Ishinomori originally killed off Joe by sending him on a suicidal mission against the last section of of Black Ghost in space, going so far to break our hearts by hinting that Joe’s wish for a world without war would not be realized. After a lot of pleading from the fans, Ishinomori finally caved and saved Joe along with the team to continue their journey. I found an interesting review of the series here in case anyone is interested.But if you are not into comic books, a reboot movie is scheduled to be released in fall 2012. Keep an eye out for the news.
Doraemon (Doraemon) – Fujiko F. Fujio
Where there are heroes, there are losers. And the greatest loser just happens to have a robot of his own. In 1969, we were introduced to this greatest loser of all time by the name Nobita Nobi whose failure in life is so great that his great grandson has to traveled into his past and give him a gadget cat named Doraemon in hope that Nobita’s life and thus the life of his descendants would improve. I’m not entirely sure if having Doraemon around actually helps Nobita since Doraemon can basically do anything. In his 4D pouch, there is every kind of gadget for the problem of the week which are usually misused by Nobita and leads to more problem that he and Doraemon have to solve. But as the Doraemon empire grows, we start to see stories where Nobita becomes a reluctant hero when situation really calls for it. So I guess there really is hope after all.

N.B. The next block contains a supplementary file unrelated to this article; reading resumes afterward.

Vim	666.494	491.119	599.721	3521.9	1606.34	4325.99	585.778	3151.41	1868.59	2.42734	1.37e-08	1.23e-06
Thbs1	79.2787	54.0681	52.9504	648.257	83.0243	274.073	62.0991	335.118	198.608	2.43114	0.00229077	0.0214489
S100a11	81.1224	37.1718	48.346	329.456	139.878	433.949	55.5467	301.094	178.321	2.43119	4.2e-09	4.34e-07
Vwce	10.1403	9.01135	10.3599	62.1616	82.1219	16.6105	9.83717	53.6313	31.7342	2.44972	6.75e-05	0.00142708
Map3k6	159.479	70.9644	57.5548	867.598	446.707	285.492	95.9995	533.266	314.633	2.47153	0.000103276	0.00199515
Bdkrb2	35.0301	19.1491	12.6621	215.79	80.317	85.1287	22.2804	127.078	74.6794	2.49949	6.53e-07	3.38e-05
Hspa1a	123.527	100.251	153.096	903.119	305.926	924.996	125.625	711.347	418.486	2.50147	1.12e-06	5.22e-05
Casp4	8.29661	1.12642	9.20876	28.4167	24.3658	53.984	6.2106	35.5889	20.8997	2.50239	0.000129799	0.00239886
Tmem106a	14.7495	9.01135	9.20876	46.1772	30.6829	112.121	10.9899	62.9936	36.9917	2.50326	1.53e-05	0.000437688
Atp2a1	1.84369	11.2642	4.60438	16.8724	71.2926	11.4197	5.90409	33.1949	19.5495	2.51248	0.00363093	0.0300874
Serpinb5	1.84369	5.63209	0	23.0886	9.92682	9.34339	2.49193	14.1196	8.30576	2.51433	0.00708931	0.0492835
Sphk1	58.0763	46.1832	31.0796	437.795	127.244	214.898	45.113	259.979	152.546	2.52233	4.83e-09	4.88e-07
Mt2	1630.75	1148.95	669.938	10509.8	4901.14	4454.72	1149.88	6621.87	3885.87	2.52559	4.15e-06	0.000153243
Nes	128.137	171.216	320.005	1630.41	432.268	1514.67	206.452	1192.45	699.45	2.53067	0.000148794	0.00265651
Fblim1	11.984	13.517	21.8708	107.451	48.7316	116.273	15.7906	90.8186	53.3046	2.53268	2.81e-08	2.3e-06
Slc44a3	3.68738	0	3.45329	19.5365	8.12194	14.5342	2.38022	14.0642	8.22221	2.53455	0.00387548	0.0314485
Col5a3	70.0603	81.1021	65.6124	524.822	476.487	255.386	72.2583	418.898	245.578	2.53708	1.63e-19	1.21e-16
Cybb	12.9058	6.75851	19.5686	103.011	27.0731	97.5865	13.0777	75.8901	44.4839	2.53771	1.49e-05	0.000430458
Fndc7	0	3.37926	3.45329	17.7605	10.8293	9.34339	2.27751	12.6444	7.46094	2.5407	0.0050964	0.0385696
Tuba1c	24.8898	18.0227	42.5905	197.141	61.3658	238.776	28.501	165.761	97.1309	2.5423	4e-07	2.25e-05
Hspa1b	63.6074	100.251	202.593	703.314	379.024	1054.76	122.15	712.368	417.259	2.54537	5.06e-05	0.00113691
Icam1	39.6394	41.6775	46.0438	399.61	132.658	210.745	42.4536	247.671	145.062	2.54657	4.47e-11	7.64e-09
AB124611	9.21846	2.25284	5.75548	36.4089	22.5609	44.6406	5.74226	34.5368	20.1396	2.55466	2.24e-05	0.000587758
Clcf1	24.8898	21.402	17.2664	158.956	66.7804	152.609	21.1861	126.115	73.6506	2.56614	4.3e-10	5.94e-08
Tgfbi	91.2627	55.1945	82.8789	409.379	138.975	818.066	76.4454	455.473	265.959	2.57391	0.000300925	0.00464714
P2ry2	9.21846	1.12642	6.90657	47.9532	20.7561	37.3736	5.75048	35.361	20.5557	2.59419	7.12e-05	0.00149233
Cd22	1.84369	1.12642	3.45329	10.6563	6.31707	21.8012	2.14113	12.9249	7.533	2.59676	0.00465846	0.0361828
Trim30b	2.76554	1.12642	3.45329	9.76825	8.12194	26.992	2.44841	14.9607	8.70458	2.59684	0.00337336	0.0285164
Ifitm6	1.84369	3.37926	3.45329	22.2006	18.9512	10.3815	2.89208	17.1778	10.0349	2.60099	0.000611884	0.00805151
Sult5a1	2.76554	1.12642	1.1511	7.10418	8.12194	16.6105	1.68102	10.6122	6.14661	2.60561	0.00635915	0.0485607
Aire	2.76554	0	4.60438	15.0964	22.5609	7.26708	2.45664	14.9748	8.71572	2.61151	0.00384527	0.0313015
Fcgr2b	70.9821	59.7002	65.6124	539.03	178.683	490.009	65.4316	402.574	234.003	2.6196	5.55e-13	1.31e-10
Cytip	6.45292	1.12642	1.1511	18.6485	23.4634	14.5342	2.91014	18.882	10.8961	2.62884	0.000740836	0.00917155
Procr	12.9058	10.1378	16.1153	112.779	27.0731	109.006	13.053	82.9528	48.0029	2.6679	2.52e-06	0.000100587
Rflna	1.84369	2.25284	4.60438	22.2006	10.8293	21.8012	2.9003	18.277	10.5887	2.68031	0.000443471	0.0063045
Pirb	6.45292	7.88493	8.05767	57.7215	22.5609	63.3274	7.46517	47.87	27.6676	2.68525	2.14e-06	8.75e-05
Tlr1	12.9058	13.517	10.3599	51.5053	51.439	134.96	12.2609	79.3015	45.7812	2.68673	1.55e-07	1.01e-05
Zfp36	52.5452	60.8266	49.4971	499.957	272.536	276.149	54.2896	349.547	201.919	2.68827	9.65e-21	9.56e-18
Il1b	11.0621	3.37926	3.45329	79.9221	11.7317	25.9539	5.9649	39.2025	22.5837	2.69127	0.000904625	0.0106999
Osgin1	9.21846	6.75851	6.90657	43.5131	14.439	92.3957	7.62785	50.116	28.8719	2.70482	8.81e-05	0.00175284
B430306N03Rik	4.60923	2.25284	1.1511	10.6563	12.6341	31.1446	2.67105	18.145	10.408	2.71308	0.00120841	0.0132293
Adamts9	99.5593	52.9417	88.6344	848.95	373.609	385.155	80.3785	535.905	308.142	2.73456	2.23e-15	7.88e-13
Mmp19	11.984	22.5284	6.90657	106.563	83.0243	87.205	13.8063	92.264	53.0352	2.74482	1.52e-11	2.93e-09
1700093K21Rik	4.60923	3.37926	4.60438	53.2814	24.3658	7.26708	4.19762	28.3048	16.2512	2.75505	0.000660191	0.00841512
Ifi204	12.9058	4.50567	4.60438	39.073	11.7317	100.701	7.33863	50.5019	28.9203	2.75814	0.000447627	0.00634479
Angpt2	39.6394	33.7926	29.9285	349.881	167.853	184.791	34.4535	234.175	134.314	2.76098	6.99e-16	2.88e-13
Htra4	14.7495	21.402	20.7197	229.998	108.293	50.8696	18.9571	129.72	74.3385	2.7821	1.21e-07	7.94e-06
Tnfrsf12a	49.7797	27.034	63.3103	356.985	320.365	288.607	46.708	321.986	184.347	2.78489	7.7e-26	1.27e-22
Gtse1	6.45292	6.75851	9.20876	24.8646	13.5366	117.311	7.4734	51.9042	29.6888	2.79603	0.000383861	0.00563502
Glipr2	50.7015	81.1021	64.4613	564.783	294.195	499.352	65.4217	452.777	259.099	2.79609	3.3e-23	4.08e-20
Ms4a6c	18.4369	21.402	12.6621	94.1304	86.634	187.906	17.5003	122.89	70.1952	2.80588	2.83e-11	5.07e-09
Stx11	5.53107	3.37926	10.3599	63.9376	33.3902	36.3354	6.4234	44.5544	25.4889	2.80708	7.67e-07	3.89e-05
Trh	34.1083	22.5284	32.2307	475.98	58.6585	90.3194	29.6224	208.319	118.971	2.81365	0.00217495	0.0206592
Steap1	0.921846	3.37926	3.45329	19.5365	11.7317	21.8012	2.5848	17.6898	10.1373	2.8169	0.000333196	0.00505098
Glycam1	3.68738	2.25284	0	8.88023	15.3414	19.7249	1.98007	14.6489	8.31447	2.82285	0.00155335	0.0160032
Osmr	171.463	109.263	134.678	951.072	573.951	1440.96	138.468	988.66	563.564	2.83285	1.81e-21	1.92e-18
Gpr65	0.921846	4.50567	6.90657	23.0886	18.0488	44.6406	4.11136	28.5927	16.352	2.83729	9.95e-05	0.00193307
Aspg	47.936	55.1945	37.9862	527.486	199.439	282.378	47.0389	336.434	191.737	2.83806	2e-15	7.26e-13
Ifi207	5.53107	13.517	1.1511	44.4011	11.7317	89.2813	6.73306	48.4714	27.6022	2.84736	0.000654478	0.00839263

Unfortunately, Doraemon does not have an official ending since Fujiko F., one half of Fujiko F. Fujio duo, died in 1996. We never really get to know if Nobita succeed to not fail miserably or not. On the bright side, we’ll probably be watching new movies or episodes for a long time yet. Who knows, I might be trading my Doraemoncollection with latest one from my grandkids one day.